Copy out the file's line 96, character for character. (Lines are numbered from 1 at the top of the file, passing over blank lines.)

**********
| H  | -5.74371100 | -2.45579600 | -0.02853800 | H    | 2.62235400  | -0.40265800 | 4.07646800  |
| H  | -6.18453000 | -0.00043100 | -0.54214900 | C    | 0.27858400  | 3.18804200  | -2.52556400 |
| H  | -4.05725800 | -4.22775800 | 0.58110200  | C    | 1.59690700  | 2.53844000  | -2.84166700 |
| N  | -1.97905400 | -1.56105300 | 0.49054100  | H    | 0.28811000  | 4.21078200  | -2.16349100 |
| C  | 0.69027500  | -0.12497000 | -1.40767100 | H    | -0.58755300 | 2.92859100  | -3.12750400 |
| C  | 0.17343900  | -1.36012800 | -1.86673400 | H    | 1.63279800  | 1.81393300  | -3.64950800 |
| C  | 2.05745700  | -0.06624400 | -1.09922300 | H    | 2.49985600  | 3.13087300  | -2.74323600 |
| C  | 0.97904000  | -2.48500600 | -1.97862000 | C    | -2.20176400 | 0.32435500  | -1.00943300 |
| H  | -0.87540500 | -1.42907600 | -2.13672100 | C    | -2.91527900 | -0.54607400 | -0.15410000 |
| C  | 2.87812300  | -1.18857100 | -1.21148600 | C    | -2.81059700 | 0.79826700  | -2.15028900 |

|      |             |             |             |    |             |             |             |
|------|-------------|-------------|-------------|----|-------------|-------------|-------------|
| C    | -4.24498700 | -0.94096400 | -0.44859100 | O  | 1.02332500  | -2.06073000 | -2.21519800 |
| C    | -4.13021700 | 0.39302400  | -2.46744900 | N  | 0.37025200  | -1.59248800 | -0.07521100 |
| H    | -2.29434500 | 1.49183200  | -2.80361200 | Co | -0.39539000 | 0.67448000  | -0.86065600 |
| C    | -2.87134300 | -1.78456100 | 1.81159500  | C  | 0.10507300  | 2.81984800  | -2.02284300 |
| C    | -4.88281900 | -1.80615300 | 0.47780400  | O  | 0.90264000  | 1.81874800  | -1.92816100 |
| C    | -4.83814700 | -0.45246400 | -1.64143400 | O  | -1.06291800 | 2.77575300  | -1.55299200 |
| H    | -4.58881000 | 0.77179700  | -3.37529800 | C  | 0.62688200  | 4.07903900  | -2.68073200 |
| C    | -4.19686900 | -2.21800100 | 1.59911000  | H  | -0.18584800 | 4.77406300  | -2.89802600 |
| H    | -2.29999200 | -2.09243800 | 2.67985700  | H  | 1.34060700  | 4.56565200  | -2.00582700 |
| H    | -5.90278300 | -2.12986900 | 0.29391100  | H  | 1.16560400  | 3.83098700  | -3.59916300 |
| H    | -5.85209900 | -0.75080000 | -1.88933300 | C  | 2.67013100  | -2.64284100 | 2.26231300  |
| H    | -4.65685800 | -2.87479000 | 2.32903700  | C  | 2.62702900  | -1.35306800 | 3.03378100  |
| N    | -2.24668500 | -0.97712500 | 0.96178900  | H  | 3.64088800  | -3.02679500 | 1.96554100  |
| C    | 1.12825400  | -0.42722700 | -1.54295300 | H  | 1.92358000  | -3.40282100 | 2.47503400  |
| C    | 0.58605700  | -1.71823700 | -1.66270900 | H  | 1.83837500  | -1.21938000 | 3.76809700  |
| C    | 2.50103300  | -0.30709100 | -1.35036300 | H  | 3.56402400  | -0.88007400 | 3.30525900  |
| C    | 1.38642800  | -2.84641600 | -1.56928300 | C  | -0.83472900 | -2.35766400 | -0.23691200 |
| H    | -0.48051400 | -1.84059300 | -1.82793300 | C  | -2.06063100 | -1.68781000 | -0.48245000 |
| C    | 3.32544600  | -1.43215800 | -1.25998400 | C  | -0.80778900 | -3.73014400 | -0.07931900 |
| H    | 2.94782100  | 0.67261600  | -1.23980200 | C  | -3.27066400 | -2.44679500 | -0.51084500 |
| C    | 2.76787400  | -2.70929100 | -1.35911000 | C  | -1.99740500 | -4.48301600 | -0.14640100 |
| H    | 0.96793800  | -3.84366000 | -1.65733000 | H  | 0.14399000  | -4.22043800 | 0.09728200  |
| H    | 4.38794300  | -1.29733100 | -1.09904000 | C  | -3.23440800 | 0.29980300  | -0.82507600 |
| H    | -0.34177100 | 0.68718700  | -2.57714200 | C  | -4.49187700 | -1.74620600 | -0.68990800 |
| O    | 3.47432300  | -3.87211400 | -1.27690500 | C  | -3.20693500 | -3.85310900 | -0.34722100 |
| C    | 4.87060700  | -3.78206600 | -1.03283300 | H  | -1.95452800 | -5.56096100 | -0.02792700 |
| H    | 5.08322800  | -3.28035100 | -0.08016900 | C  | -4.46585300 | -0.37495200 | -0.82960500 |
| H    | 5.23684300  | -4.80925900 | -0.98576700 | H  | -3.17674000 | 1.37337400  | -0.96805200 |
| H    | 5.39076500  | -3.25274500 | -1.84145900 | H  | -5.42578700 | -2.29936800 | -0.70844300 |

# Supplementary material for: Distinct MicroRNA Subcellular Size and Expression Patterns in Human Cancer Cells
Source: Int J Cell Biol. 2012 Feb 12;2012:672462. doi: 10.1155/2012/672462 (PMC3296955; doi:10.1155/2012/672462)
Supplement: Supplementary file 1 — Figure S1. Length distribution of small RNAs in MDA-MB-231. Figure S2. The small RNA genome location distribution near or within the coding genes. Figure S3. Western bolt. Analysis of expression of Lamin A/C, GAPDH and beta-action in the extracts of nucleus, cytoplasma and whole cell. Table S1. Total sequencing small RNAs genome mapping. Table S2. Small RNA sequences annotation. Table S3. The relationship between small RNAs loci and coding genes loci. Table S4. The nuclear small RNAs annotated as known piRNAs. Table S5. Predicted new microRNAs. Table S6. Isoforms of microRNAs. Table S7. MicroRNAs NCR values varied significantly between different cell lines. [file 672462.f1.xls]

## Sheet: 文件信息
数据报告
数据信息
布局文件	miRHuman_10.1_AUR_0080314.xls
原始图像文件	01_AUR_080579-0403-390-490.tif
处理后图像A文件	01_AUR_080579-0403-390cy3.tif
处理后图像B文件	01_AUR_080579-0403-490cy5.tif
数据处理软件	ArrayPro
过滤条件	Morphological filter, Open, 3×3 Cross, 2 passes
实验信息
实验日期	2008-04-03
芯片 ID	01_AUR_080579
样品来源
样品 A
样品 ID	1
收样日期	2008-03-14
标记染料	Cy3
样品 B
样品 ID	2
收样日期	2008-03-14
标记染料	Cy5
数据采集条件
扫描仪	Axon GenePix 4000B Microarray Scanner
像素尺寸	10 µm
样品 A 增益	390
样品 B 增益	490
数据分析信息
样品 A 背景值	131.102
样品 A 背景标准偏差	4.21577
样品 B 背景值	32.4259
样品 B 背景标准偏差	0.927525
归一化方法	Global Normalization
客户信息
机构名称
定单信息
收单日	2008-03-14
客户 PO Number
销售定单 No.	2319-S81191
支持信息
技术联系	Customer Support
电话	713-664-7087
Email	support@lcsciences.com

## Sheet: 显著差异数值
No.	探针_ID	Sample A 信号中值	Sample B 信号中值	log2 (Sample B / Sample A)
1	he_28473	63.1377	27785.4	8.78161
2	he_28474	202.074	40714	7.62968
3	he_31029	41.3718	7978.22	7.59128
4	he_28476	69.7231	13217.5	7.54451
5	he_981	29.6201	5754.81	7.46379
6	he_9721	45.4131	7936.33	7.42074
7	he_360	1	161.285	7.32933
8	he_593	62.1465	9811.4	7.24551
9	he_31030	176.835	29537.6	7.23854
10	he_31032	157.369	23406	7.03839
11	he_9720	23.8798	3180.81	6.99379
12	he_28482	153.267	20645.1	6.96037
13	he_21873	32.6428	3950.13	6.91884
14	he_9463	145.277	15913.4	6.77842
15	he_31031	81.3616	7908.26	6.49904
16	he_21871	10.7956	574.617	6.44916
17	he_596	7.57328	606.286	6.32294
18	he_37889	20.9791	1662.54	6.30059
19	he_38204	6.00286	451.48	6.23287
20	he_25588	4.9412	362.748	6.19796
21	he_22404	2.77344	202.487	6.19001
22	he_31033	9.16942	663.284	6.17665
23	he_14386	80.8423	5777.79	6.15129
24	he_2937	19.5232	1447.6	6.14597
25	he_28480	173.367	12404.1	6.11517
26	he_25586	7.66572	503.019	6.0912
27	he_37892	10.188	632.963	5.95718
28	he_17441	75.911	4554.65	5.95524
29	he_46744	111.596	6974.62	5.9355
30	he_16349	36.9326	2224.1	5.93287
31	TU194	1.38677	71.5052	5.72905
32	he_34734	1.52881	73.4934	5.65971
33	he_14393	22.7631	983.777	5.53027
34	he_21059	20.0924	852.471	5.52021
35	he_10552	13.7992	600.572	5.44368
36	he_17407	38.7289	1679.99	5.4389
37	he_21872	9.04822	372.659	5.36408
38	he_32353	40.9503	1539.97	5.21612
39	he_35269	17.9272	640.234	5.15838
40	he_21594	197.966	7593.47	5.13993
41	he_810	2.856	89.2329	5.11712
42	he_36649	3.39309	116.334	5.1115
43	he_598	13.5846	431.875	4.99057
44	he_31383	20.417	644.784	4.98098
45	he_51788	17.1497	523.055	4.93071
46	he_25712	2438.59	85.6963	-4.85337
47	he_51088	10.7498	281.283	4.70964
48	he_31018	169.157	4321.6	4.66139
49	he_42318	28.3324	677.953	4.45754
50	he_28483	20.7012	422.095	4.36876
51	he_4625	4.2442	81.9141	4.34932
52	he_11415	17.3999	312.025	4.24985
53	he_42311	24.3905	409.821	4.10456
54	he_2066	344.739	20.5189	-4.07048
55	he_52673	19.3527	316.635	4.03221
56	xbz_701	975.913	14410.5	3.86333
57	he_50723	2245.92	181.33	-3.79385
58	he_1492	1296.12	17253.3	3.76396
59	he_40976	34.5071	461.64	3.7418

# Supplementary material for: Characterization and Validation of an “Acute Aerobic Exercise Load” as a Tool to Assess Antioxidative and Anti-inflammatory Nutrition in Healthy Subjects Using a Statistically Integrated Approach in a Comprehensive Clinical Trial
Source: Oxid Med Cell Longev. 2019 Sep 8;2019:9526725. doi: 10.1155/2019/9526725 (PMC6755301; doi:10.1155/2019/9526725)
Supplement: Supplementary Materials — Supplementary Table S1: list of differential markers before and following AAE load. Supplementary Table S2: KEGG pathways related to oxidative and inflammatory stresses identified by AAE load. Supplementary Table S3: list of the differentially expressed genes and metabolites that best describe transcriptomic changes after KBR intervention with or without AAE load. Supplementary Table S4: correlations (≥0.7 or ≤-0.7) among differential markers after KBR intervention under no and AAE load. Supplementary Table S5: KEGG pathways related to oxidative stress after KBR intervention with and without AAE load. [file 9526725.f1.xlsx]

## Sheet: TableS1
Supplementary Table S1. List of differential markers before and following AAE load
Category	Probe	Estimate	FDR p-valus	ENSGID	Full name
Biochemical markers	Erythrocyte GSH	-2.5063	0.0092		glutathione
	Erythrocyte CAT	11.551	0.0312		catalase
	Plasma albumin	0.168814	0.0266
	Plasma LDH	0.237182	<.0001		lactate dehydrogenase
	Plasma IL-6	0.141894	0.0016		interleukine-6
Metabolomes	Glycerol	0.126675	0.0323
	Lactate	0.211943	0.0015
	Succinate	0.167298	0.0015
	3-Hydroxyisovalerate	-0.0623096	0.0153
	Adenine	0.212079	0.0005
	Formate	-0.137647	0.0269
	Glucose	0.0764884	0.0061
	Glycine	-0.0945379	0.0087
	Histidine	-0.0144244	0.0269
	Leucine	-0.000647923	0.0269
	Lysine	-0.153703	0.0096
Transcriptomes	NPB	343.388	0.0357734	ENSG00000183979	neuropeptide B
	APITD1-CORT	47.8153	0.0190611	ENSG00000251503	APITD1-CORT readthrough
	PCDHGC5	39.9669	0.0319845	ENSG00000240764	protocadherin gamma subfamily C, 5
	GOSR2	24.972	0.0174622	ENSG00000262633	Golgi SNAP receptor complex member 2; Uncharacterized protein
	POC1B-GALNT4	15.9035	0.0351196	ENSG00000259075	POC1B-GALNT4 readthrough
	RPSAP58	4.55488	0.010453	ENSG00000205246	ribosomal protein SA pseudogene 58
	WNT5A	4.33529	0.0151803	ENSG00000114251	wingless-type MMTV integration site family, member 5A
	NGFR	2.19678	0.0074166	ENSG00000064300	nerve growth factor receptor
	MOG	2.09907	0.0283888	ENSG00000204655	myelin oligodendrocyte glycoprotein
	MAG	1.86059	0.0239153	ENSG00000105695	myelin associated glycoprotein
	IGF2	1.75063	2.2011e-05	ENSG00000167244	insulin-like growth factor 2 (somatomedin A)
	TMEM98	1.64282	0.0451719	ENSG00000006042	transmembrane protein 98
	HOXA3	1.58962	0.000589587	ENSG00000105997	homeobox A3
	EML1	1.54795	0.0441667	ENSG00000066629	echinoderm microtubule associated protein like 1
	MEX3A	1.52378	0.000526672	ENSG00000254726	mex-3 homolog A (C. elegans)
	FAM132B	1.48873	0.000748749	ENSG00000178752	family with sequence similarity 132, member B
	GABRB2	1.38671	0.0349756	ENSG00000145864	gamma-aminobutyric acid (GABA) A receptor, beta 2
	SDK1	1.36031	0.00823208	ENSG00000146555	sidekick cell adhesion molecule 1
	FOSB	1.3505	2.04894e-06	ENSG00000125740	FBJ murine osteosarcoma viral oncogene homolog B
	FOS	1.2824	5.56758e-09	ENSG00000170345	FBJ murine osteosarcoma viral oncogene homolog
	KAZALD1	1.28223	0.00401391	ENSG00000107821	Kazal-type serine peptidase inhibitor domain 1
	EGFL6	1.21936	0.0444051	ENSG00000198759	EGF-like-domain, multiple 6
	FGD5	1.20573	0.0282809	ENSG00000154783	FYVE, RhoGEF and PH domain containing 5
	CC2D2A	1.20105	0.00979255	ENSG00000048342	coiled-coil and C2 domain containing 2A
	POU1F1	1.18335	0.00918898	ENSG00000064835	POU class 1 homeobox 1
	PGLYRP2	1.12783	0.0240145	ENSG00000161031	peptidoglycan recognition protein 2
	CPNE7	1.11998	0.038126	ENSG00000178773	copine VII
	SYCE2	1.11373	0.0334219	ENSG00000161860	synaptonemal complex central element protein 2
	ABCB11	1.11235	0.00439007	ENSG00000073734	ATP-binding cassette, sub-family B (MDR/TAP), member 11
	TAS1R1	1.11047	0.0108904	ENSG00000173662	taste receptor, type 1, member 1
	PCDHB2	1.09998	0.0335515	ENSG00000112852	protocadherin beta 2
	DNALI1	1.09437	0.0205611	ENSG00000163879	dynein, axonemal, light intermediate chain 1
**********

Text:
8	he_593	62.1465	9811.4	7.24551